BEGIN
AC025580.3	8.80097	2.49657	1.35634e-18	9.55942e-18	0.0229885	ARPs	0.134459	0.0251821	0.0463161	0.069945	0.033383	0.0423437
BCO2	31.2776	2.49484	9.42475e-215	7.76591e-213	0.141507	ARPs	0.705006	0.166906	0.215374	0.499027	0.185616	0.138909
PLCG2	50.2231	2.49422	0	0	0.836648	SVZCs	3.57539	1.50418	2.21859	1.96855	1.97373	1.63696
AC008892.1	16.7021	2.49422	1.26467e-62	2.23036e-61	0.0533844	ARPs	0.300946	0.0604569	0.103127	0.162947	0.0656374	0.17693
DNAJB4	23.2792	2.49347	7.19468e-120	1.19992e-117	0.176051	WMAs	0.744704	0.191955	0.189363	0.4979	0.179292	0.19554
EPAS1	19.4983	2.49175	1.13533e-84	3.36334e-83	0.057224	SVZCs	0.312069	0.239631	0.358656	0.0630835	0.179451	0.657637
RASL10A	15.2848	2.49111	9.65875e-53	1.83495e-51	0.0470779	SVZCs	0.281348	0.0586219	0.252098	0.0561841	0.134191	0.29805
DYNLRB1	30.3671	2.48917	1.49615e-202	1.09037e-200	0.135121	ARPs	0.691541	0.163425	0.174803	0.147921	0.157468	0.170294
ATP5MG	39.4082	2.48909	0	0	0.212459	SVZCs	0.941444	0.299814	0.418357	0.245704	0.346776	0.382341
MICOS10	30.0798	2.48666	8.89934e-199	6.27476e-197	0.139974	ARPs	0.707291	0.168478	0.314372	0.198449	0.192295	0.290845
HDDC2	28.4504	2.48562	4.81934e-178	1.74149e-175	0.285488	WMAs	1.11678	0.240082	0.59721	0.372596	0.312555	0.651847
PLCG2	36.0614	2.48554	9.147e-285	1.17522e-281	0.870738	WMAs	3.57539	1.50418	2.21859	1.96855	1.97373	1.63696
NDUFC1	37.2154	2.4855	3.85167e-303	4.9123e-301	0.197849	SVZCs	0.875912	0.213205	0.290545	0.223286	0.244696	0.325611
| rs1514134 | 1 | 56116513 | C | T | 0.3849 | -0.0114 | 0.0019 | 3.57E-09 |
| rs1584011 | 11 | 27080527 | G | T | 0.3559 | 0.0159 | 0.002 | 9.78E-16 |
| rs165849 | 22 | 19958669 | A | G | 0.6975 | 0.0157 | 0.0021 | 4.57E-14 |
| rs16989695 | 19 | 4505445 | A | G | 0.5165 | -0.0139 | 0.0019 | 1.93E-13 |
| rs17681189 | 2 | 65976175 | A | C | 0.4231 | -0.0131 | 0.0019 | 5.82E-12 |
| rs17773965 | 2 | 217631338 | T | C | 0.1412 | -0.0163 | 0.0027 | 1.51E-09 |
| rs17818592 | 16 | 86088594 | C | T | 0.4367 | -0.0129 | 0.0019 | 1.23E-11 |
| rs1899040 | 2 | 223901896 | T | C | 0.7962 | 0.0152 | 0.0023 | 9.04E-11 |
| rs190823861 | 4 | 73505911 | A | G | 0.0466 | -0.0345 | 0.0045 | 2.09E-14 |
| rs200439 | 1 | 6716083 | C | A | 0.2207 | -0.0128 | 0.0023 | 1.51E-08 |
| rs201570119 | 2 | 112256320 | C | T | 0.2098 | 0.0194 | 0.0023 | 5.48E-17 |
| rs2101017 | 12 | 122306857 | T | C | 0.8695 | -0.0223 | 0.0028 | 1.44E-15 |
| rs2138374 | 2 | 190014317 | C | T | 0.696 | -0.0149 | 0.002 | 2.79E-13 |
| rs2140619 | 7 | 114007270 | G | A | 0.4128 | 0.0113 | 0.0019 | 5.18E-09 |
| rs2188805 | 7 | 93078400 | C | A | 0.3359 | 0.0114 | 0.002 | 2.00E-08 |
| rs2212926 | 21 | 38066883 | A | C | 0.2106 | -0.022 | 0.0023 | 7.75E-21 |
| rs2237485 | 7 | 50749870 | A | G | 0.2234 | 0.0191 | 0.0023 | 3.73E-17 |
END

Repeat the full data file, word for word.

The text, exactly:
AC025580.3	8.80097	2.49657	1.35634e-18	9.55942e-18	0.0229885	ARPs	0.134459	0.0251821	0.0463161	0.069945	0.033383	0.0423437
BCO2	31.2776	2.49484	9.42475e-215	7.76591e-213	0.141507	ARPs	0.705006	0.166906	0.215374	0.499027	0.185616	0.138909
PLCG2	50.2231	2.49422	0	0	0.836648	SVZCs	3.57539	1.50418	2.21859	1.96855	1.97373	1.63696
AC008892.1	16.7021	2.49422	1.26467e-62	2.23036e-61	0.0533844	ARPs	0.300946	0.0604569	0.103127	0.162947	0.0656374	0.17693
DNAJB4	23.2792	2.49347	7.19468e-120	1.19992e-117	0.176051	WMAs	0.744704	0.191955	0.189363	0.4979	0.179292	0.19554
EPAS1	19.4983	2.49175	1.13533e-84	3.36334e-83	0.057224	SVZCs	0.312069	0.239631	0.358656	0.0630835	0.179451	0.657637
RASL10A	15.2848	2.49111	9.65875e-53	1.83495e-51	0.0470779	SVZCs	0.281348	0.0586219	0.252098	0.0561841	0.134191	0.29805
DYNLRB1	30.3671	2.48917	1.49615e-202	1.09037e-200	0.135121	ARPs	0.691541	0.163425	0.174803	0.147921	0.157468	0.170294
ATP5MG	39.4082	2.48909	0	0	0.212459	SVZCs	0.941444	0.299814	0.418357	0.245704	0.346776	0.382341
MICOS10	30.0798	2.48666	8.89934e-199	6.27476e-197	0.139974	ARPs	0.707291	0.168478	0.314372	0.198449	0.192295	0.290845
HDDC2	28.4504	2.48562	4.81934e-178	1.74149e-175	0.285488	WMAs	1.11678	0.240082	0.59721	0.372596	0.312555	0.651847
PLCG2	36.0614	2.48554	9.147e-285	1.17522e-281	0.870738	WMAs	3.57539	1.50418	2.21859	1.96855	1.97373	1.63696
NDUFC1	37.2154	2.4855	3.85167e-303	4.9123e-301	0.197849	SVZCs	0.875912	0.213205	0.290545	0.223286	0.244696	0.325611
| rs1514134 | 1 | 56116513 | C | T | 0.3849 | -0.0114 | 0.0019 | 3.57E-09 |
| rs1584011 | 11 | 27080527 | G | T | 0.3559 | 0.0159 | 0.002 | 9.78E-16 |
| rs165849 | 22 | 19958669 | A | G | 0.6975 | 0.0157 | 0.0021 | 4.57E-14 |
| rs16989695 | 19 | 4505445 | A | G | 0.5165 | -0.0139 | 0.0019 | 1.93E-13 |
| rs17681189 | 2 | 65976175 | A | C | 0.4231 | -0.0131 | 0.0019 | 5.82E-12 |
| rs17773965 | 2 | 217631338 | T | C | 0.1412 | -0.0163 | 0.0027 | 1.51E-09 |
| rs17818592 | 16 | 86088594 | C | T | 0.4367 | -0.0129 | 0.0019 | 1.23E-11 |
| rs1899040 | 2 | 223901896 | T | C | 0.7962 | 0.0152 | 0.0023 | 9.04E-11 |
| rs190823861 | 4 | 73505911 | A | G | 0.0466 | -0.0345 | 0.0045 | 2.09E-14 |
| rs200439 | 1 | 6716083 | C | A | 0.2207 | -0.0128 | 0.0023 | 1.51E-08 |
| rs201570119 | 2 | 112256320 | C | T | 0.2098 | 0.0194 | 0.0023 | 5.48E-17 |
| rs2101017 | 12 | 122306857 | T | C | 0.8695 | -0.0223 | 0.0028 | 1.44E-15 |
| rs2138374 | 2 | 190014317 | C | T | 0.696 | -0.0149 | 0.002 | 2.79E-13 |
| rs2140619 | 7 | 114007270 | G | A | 0.4128 | 0.0113 | 0.0019 | 5.18E-09 |
| rs2188805 | 7 | 93078400 | C | A | 0.3359 | 0.0114 | 0.002 | 2.00E-08 |
| rs2212926 | 21 | 38066883 | A | C | 0.2106 | -0.022 | 0.0023 | 7.75E-21 |
| rs2237485 | 7 | 50749870 | A | G | 0.2234 | 0.0191 | 0.0023 | 3.73E-17 |